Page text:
You never forget your first Vietnamese marketplace. I remember feeling like I was in some documentary for National Geographic walking into Tan Dinh; some enormous animal wandering through foreign territory, a literal white elephant hoping not to be noticed. I stood a head or two above the hunched-over, middle-aged women, all gathering herbs, meats, and whatever they needed for their next few days. I felt like a spy at first. And then, as it becomes more routine, the awe fades away and the excitement sets in. The challenge of the barter, the curiosity of the find, the fun of the exchange.
You don’t get that at Wal-Mart.

9. A $4 piece of French toast being the economic equivalent of 3 bowls of bún bò Huế

You know that, San Francisco, right?

10. ‘Sacrificing’ with to-die-for vegetarian food

If you’re anything like me, you don’t like live fish being grilled in front of you. Or giant slabs of cow meat sitting on countertops until they sell. Or chicken feet you can suck on, duck egg fetuses, and a number of other reminders that what you’re eating was living and breathing just like you are now. To make it easier on myself, I ăn-chayed a lot. I’d like to call it a sacrifice, but it was a complete gastronomic luxury. One sit-down at Thuyền Viên and you’ll know what I’m talking about: pumpkin cà ri, fresh-baked baguettes, and tofu dressed up so many different ways you actually can’t tell it’s tofu. Can you say that about your Boca burgers or tofurkey or those weird mushroom noodles that don’t even taste good slathered in Velveeta?

11. Ridiculously cheap beer

We are talking cents per glass here. Em ơi! Ba ly nua and keep ‘em coming. What’s my bill? Một trăm? Fantastic.

12. Stepping outside being like stepping into a warm bath that allowed you to wear sundresses all year long

Ah, the warmth of every season — all two of them. Don’t get me wrong, for the first six months I was sweaty and not cute, but you get used to it and even grow to love it. And then you go back home and only Tijuana in July feels good. You’ll be wearing that winter coat through May. Damn you, equatorial climates!

13. Karaoke being cool

In case anyone was unsure, I’m a complete nerd. The fact that karaoke is actually cool (cool being an understatement; it’s an outright movement) in Vietnam is totally liberating. I could rock out to Chris Isaak at the top of my lungs in a room full of people I sort of knew while eating water apples and French fries and feel like the queen of the ball.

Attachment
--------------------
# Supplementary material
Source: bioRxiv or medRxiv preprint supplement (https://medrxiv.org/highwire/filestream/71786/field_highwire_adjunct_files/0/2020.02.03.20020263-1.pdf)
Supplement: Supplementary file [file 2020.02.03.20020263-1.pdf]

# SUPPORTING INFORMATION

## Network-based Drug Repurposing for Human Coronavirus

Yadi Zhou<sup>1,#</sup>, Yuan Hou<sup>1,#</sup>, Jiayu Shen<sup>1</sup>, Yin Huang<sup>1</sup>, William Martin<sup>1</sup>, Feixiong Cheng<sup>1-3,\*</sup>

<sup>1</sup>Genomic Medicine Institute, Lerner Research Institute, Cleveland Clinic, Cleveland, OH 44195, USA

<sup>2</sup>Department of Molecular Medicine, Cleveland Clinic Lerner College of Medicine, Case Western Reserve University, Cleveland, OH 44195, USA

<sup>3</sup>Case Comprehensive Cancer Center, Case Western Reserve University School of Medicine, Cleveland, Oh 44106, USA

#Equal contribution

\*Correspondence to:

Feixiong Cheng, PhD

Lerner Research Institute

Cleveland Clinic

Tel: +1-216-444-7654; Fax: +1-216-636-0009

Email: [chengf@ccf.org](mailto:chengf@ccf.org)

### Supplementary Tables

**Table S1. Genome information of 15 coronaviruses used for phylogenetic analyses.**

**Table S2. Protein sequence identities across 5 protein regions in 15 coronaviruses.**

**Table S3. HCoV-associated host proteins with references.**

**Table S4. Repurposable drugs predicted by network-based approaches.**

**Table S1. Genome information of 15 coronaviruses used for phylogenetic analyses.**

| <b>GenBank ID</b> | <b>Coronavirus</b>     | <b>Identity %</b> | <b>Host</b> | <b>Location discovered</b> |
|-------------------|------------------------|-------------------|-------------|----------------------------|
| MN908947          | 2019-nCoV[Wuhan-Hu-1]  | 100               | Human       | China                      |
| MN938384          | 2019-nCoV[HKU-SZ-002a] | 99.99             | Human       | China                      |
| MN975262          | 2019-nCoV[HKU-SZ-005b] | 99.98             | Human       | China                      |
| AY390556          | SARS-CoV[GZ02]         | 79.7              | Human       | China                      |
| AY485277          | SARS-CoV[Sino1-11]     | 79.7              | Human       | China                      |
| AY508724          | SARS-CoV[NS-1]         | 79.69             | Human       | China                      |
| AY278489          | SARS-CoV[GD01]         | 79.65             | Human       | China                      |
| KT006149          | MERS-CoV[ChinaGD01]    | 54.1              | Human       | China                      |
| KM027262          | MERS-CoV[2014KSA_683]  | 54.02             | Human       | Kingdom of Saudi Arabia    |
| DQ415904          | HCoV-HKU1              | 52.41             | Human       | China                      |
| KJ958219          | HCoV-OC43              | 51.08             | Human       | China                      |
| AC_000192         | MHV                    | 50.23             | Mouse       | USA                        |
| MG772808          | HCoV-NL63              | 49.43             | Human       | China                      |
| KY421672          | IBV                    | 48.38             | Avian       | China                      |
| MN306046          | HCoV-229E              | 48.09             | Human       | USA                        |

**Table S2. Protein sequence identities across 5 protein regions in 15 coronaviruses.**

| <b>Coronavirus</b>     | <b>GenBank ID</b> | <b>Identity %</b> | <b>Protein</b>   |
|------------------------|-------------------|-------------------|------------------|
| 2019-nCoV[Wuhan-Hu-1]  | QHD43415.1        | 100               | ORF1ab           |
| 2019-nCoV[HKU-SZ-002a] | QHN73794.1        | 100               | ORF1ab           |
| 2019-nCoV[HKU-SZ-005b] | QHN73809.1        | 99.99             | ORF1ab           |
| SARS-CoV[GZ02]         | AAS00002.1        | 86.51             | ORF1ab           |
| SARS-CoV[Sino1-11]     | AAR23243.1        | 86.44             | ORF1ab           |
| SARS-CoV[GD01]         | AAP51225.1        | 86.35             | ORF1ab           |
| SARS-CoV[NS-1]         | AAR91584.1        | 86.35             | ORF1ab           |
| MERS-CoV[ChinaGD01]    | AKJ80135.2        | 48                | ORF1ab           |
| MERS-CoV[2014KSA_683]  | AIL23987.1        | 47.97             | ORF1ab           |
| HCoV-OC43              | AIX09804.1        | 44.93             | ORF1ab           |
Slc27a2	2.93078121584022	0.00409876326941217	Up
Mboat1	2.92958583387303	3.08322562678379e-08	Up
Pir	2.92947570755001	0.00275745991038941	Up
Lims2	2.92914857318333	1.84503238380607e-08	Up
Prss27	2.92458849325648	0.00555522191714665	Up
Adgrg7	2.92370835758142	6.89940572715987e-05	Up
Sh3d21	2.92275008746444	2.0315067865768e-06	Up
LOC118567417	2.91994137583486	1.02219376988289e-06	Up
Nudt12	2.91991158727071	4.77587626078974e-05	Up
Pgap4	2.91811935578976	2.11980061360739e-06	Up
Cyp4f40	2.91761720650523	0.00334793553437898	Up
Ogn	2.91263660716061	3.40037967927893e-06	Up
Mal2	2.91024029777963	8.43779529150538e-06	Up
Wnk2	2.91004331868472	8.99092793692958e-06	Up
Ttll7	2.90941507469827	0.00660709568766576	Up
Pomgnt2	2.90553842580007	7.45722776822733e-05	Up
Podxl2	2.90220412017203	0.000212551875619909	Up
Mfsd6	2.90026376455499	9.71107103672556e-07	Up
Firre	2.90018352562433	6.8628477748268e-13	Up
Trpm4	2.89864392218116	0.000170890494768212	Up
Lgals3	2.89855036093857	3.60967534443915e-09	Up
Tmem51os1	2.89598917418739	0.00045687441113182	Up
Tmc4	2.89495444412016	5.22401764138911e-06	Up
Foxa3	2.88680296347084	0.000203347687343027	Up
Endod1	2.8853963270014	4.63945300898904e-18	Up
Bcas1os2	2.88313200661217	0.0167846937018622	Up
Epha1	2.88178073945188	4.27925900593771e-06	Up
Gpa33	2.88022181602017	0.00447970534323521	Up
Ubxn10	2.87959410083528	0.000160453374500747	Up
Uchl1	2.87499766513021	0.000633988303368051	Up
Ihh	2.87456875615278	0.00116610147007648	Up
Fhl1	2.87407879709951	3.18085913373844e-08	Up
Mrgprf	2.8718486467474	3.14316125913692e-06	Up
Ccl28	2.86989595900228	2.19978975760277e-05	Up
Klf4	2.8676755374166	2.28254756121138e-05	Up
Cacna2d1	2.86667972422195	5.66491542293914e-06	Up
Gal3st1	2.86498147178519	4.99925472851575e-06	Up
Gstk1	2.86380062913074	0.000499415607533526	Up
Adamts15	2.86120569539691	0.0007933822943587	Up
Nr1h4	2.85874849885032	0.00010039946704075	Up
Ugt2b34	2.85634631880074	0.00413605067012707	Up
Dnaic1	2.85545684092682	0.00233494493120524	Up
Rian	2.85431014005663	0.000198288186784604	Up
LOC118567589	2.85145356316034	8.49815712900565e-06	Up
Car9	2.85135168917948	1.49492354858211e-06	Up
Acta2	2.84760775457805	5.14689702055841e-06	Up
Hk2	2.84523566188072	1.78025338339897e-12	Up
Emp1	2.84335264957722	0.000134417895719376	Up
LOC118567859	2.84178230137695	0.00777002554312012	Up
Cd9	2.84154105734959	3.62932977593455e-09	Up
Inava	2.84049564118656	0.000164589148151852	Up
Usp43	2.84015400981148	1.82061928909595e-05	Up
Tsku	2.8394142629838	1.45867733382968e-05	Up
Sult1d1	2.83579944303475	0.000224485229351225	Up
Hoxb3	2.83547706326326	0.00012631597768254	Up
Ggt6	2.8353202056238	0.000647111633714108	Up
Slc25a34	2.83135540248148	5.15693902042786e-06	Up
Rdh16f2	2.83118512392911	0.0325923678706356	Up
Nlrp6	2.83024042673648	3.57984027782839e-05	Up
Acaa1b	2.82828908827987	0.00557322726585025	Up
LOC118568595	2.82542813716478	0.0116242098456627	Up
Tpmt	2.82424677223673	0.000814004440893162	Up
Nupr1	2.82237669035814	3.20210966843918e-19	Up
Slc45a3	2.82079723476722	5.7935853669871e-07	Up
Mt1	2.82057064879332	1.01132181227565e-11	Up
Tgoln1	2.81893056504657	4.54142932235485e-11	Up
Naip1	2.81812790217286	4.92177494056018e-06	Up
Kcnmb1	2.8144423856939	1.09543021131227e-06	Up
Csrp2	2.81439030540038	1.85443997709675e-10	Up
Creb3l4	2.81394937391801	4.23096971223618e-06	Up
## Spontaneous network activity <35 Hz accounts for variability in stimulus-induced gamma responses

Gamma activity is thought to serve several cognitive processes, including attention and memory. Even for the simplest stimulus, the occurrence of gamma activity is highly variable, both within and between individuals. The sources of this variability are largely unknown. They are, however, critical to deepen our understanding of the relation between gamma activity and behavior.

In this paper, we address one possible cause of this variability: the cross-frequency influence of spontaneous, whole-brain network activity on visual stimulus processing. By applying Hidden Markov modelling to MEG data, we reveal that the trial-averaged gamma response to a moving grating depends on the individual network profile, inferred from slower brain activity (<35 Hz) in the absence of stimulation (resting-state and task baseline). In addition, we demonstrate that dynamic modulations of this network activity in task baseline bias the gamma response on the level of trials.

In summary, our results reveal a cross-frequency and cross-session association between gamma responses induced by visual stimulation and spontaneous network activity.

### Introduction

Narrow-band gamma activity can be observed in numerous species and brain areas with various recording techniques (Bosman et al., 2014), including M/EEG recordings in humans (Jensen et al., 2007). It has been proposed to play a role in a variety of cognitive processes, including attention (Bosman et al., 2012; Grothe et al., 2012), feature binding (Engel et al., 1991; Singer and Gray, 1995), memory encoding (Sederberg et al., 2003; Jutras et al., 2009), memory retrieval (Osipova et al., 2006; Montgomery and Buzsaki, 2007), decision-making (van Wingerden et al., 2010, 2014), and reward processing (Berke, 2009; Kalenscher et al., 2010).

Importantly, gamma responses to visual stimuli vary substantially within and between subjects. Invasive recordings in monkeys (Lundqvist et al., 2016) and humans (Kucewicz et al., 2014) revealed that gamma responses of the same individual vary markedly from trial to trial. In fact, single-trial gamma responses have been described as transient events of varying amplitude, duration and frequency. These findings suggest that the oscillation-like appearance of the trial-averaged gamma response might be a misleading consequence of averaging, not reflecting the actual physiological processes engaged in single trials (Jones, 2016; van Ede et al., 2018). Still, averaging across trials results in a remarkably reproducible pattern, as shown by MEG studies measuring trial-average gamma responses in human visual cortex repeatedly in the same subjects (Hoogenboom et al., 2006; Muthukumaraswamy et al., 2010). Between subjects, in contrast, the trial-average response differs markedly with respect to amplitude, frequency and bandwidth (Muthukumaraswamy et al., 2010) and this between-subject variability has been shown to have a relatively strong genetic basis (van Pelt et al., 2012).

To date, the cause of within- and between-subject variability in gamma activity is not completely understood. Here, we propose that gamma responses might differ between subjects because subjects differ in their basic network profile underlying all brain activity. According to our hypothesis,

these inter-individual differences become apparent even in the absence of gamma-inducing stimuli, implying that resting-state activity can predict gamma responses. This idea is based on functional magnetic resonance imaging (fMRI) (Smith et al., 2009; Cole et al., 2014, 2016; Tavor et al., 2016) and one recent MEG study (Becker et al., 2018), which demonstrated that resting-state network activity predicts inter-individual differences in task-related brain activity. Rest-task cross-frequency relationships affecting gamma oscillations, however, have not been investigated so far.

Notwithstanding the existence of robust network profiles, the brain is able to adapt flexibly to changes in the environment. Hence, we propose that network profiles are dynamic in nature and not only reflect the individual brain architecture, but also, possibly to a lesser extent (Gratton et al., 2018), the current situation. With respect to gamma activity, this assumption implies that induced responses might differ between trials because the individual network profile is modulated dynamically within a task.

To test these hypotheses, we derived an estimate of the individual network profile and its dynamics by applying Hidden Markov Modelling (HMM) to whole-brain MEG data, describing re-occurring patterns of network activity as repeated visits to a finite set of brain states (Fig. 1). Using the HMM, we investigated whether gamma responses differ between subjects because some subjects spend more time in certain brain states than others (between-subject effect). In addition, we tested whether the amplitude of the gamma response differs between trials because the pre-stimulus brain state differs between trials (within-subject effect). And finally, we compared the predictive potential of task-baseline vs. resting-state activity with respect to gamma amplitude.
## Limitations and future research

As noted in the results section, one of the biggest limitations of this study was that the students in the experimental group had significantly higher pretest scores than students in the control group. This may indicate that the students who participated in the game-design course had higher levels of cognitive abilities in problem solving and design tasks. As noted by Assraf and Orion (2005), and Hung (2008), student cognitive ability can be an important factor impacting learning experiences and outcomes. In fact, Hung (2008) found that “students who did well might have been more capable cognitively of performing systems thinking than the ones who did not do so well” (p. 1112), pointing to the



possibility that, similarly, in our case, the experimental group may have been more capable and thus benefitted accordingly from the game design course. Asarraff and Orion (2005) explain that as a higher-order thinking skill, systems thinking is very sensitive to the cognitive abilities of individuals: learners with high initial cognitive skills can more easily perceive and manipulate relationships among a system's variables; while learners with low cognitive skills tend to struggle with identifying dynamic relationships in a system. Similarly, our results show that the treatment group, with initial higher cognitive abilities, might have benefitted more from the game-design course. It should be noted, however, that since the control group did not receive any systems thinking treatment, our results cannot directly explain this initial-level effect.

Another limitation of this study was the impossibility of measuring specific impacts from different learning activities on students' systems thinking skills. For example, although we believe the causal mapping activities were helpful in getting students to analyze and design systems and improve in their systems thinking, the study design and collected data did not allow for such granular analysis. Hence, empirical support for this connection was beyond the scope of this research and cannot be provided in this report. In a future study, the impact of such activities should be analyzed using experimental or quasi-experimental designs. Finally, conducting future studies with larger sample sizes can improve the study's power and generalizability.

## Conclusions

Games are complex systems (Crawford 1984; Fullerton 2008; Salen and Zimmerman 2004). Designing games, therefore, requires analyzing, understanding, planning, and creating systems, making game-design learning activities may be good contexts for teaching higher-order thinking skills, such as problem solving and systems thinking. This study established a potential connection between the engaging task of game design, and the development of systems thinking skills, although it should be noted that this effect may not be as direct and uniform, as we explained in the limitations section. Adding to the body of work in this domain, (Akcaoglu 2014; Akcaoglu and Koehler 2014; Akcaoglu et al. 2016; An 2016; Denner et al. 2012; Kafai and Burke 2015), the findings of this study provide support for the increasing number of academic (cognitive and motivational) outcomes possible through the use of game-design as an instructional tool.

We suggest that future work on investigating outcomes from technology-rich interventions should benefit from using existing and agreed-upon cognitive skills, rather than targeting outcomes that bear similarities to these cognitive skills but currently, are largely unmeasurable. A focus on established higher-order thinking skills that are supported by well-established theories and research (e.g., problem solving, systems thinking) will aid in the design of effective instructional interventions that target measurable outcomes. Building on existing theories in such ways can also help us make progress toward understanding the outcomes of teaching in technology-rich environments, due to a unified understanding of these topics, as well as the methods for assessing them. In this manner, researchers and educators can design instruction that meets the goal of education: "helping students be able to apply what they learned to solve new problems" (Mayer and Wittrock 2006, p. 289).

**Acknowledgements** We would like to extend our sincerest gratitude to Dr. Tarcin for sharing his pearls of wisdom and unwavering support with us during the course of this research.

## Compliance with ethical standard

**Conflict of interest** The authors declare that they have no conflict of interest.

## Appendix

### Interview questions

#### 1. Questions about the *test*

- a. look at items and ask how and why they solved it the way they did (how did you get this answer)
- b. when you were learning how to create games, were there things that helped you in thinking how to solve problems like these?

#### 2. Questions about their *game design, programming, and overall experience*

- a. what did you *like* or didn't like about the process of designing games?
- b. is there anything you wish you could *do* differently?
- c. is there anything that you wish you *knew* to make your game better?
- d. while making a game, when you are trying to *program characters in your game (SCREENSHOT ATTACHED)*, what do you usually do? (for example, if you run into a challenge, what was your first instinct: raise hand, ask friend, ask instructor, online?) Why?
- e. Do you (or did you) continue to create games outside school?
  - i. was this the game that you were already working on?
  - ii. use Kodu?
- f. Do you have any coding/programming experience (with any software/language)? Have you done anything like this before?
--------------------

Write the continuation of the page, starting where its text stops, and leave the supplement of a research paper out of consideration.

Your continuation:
Unless it was at 3 AM next to my house. And then I really wish it weren’t so cool.

14. The hospitality and resourcefulness of the people

No list about Vietnam would be complete without mentioning the people. They are the definition of “where there’s a will, there’s a way.” It might not always be the safest or most sensible way, but they’ll get it done, don’t you worry. Stranded in the middle of nowhere? You’ll be taken in, don’t worry. Need a desk made and delivered? It’ll be done tomorrow and delivered just fine via Honda Cub. Need to get across this lake on your motorbike in a canoe? Consider it done.

15. The “exercisers” getting physical in the park

Vietnam isn’t known for its urban green space, so where there’s a park, it’s bound to be full of people. Most mornings you’ll see the “exercise equipment” in any park being taken full advantage of. However, that “equipment” happens to be a little circumspect – they’re metal imitations of weight machines, but without any actual resistance. So, good for you, Vietnam. At least you’re putting in some effort. And thanks for the morning giggle!

16. Being a certified millionaire

One of these days, Vietnam is going to have to adjust its currency. Right now, it’s at about 22,000 VND per 1 USD. In other words, I’ll take my Ulysses S. Grant and trade him in for new millionaire status, thanks. Man, life was good back then.

17. 9 foot tall doors at home

As an expat in Vietnam, almost any house you’re going to be living in is going to have most of these things: a spiral staircase, high ceilings, an easily-accessible rooftop, and balcony after balcony after balcony. Property tax is determined by what’s actually on the ground, so Vietnam has built itself upwards. I miss my floor-to-ceiling curtains, my rooftop barbecues, and balcony-improved glasses of red wine.

Can I go back yet?